The members of BACA certainly look the part of hard-core bikers: large, bearded men tricked out in black leather and chains, their jackets and vests blazoned with gaudy patches depicting clinched fists and the Jolly Roger skull and crossbones.
But this is no "one-percenter" gang of toughs looking for thrills and spills on the open road. Sure, they ride big motorcycles, and they love them.
But they love children even more, and say they would gladly put themselves in harm's way to keep any young person from danger.
Meet Bikers Against Child Abuse, a group of two-wheeling activists who work with shelter advocates and prosecutors in order to empower children who have unjustly suffered at the hands of those who should care for them most.
A half-dozen members of BACA's North Missouri Chapter met with more than 20 representatives from local social services agencies and law enforcement Friday at the Nodaway County Administration Center to discuss the organization's goals and activities.
Essentially, BACA members have pledged to do "whatever it takes" to protect battered children while empowering them to confront their abusers in court and move on with their lives.
The North Missouri Chapter leader goes by the name of "Taz." BACA members use "road names" in order to mask their identities from abusers who might seek revenge on those committed to putting them behind bars.
Taz is a big, bald deep-chested guy with more than enough muscle to justify his paunch. He opened last week's session with the grim words, "Would you take a bullet for a child — we would."
But as the program went on, it became clear that BACA is more than tough talk. The international organization was founded John Paul "Chief" Lilly, a social worker and therapist who for many years taught as an adjunct instructor at Brigham Young University.
Lilly became convinced that law enforcement and the courts alone were incapable of providing abused children with the support they needed to recover.
In practical terms, Taz said, that means BACA members serve as a surrogate family for the child — a motorcycle-riding family of imposing, confident men and women who offer support, friendship and, if necessary, physical protection.
Usually, Taz said, the organization is called in to help at the request of shelter advocates or prosecuting attorneys. Once made aware that a child needs assistance, BACA members climb on their bikes and meet with the youngster at his or her home, where they conduct an "adoption ceremony." The child is given a denim motorcycle vest decorated with BACA patches, and two of the organization's members are assigned to serve as primary contacts.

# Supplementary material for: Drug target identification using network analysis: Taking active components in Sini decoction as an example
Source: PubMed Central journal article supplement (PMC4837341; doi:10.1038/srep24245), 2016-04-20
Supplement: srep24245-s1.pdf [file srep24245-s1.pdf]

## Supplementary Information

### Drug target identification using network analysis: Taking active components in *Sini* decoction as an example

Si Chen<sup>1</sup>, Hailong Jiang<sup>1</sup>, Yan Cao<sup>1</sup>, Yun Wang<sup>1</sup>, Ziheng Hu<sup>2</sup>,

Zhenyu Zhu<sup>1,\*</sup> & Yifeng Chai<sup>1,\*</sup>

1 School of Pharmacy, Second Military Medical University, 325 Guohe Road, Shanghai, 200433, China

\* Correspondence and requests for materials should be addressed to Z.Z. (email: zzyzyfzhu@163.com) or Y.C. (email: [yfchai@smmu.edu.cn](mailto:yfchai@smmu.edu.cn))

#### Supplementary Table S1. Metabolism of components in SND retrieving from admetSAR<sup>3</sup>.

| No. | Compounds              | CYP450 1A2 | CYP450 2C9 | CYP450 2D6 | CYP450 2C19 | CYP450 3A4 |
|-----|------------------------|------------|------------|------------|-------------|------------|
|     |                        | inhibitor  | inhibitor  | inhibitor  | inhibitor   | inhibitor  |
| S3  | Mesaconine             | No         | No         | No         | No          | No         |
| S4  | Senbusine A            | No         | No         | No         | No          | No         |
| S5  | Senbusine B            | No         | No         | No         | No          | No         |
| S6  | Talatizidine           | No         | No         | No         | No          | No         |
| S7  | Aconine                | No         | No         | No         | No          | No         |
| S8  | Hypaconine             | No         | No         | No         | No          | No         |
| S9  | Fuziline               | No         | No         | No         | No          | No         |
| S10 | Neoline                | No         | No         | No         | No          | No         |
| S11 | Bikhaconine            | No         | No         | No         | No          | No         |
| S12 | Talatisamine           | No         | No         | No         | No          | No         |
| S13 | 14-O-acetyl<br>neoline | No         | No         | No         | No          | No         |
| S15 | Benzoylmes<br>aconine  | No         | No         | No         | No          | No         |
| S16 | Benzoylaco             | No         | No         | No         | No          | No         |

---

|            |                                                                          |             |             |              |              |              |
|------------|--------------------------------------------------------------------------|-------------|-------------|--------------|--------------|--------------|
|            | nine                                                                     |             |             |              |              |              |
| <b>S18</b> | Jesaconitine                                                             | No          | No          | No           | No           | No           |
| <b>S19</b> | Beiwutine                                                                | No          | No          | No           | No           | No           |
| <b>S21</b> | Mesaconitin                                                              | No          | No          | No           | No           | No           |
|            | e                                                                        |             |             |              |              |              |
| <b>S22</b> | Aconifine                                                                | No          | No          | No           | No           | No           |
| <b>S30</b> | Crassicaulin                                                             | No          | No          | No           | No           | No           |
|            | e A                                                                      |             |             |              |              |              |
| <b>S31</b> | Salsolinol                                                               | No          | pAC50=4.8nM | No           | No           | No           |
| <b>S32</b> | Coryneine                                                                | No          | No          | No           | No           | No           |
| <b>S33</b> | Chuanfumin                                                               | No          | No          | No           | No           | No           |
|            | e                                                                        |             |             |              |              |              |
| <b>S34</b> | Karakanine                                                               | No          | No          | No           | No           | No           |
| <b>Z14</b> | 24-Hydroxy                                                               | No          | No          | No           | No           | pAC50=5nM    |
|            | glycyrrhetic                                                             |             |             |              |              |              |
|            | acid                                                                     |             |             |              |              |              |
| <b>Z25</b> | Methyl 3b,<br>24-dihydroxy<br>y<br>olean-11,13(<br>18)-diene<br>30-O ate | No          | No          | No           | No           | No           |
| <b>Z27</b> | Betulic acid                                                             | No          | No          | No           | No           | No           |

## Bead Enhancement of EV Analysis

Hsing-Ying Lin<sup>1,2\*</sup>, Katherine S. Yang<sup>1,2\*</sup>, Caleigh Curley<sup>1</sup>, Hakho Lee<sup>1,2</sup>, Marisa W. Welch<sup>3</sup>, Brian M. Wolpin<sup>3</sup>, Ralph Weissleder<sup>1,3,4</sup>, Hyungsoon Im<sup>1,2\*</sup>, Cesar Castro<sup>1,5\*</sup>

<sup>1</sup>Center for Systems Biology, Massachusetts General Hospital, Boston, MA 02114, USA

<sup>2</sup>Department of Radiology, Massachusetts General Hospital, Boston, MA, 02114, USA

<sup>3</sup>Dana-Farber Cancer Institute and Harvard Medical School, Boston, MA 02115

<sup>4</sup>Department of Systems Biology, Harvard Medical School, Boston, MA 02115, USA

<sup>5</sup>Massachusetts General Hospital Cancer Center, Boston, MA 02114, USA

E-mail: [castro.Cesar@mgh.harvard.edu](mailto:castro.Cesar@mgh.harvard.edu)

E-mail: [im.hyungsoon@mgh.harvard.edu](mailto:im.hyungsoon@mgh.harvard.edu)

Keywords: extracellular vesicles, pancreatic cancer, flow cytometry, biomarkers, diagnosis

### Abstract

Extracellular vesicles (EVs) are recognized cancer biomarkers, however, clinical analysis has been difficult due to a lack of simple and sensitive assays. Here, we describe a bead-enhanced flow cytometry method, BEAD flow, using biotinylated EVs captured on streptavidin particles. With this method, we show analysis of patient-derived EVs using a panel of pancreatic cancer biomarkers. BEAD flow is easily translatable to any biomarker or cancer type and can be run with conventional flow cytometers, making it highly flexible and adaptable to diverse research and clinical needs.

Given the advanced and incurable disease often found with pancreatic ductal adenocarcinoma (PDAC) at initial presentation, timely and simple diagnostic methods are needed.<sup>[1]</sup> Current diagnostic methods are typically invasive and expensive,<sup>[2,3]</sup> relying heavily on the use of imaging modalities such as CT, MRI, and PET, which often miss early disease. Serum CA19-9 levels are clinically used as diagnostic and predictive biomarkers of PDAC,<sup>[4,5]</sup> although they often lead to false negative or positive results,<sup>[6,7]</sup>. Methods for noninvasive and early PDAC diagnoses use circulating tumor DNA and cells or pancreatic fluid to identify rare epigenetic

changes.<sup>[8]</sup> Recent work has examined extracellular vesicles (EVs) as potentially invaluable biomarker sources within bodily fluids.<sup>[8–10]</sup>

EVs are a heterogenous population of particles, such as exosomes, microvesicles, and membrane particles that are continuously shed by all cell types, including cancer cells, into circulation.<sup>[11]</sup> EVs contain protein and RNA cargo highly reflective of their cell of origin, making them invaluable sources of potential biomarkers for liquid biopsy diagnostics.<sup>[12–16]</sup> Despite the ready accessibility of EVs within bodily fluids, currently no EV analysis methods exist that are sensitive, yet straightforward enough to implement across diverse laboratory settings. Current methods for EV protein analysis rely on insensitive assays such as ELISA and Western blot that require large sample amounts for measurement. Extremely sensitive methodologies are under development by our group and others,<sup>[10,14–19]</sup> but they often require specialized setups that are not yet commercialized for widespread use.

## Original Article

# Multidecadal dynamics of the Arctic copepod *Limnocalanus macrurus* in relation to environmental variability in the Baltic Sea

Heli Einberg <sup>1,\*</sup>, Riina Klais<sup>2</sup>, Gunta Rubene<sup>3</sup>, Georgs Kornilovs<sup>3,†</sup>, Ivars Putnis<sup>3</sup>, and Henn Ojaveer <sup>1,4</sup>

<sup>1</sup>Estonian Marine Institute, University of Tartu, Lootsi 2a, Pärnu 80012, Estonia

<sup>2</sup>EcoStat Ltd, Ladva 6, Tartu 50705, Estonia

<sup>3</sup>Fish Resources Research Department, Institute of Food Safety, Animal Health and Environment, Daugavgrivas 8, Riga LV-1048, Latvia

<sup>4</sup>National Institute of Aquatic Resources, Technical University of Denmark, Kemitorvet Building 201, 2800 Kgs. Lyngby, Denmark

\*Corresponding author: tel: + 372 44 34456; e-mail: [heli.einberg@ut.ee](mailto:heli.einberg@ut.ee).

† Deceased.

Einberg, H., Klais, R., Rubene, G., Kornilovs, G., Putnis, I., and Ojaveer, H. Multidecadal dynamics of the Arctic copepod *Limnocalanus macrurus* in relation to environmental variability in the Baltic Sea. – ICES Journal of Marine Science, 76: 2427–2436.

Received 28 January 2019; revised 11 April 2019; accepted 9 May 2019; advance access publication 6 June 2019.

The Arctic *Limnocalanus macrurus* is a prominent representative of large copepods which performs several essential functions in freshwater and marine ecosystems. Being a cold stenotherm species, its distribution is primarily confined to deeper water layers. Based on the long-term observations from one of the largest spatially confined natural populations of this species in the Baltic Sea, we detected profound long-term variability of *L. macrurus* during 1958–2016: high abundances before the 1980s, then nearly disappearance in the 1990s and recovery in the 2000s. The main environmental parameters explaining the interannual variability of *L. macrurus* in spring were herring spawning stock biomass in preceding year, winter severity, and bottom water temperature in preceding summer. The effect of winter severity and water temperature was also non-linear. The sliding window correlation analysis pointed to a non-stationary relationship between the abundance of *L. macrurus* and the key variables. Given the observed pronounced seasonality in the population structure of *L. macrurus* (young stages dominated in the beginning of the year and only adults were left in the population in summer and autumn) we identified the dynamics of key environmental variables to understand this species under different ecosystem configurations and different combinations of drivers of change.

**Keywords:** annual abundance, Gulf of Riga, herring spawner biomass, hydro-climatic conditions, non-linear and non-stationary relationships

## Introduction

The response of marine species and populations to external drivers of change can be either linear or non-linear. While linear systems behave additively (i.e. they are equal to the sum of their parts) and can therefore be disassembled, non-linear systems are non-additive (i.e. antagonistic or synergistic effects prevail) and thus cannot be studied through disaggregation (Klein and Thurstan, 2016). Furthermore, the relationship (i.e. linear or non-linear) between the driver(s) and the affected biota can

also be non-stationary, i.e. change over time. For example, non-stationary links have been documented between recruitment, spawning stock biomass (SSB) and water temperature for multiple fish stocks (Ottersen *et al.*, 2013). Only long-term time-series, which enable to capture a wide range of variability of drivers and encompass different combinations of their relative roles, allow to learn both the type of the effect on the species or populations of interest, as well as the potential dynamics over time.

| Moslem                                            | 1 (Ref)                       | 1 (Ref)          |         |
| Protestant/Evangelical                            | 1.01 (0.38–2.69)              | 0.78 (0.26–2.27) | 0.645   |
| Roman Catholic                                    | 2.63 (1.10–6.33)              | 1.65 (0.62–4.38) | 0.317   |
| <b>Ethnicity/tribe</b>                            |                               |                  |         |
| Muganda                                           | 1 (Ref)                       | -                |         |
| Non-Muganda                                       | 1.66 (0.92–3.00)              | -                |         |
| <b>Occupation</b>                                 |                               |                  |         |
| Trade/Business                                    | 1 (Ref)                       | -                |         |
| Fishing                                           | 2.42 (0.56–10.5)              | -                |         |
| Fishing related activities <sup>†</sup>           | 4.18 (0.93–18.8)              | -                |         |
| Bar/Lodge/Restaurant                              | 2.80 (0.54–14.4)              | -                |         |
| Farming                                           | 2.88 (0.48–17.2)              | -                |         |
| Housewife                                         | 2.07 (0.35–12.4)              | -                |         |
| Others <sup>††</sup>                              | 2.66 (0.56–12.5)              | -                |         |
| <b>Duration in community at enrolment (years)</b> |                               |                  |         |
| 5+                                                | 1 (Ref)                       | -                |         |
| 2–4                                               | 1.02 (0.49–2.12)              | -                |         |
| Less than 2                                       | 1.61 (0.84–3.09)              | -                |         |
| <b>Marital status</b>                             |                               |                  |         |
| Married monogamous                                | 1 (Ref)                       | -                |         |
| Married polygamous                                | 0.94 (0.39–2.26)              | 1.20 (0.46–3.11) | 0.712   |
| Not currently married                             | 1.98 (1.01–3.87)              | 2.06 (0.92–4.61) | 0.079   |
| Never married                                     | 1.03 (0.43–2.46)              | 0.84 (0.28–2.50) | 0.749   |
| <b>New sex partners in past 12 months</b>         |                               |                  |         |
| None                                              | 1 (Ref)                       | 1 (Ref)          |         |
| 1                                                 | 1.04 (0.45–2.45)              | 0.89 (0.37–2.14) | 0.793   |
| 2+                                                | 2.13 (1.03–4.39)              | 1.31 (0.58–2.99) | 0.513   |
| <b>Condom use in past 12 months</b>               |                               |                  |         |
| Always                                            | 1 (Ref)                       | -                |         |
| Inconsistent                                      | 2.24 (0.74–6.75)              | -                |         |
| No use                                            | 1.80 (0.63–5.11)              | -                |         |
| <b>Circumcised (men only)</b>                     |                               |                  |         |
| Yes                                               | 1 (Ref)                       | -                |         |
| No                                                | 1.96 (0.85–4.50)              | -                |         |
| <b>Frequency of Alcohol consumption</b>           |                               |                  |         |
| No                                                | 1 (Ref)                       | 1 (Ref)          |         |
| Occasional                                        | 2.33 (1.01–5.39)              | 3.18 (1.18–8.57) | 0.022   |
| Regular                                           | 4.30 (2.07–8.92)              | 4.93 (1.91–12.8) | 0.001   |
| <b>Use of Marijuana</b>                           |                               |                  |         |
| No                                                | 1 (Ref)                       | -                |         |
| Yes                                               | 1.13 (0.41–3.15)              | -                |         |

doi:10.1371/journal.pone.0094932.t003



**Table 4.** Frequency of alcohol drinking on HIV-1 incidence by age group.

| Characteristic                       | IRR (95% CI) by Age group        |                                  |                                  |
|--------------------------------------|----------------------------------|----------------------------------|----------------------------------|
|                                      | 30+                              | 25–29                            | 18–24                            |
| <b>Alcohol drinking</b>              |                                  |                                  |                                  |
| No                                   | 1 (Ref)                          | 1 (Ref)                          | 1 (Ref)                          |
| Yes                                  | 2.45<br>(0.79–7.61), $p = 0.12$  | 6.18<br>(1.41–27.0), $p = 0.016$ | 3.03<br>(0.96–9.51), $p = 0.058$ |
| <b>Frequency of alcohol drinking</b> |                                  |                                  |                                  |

The jacket patches contain slogans such as "I'm in the family," "I will not live in fear" and "empowered." Depending on their age and emotional need, some of the kids also receive a BACA teddy bear complete with its own denim vest and head bandana.
Page 2 of 2 - Subsequent actions carried out by BACA members may include providing a physical presence at the home, visiting the child at school and intervening when abusers seek to re-establish contact. That last part can get a little dicey, Taz admits.
"We do not condone violence," he said, "but we don't back down."
Several of the North Missouri BACA members either have or have retired from careers in law enforcement and related professions, and Taz said a number of the riders carry legally concealed firearms.
BACA members also sometimes accompany children to court and sit in the courtroom by way of offering moral support as the youngsters testify.
"Our purpose is to empower children not to be afraid of the world they live in," Taz said.
Based in Cameron, the 20 or so members of BACA's North Missouri Chapter have become involved in child abuse cases across the region, including a couple in Nodaway County. The group was asked to give last week's presentation by Meghann Kosman, a court/victim advocate with the Children and Family Center of Northwest Missouri.
The group is currently looking for members, but, with children's lives at stake, joining requires a bit more than sewing a patch on a motorcycle jacket. All prospective members must be fingerprinted and pass a National Crime Information Center background check.
After that, probationary riders are required to accumulate an 80 percent participation rate in BACA activities for one year before receiving the large black-and-red patch marking full membership.
The patch displays a clinched fist representing the group's "commitment to stop child abuse" and a skull and crossbones symbolizing "death to child abuse."
Anyone wishing more information about BACA membership should call (660) 895-5111 or (660) 734-1570.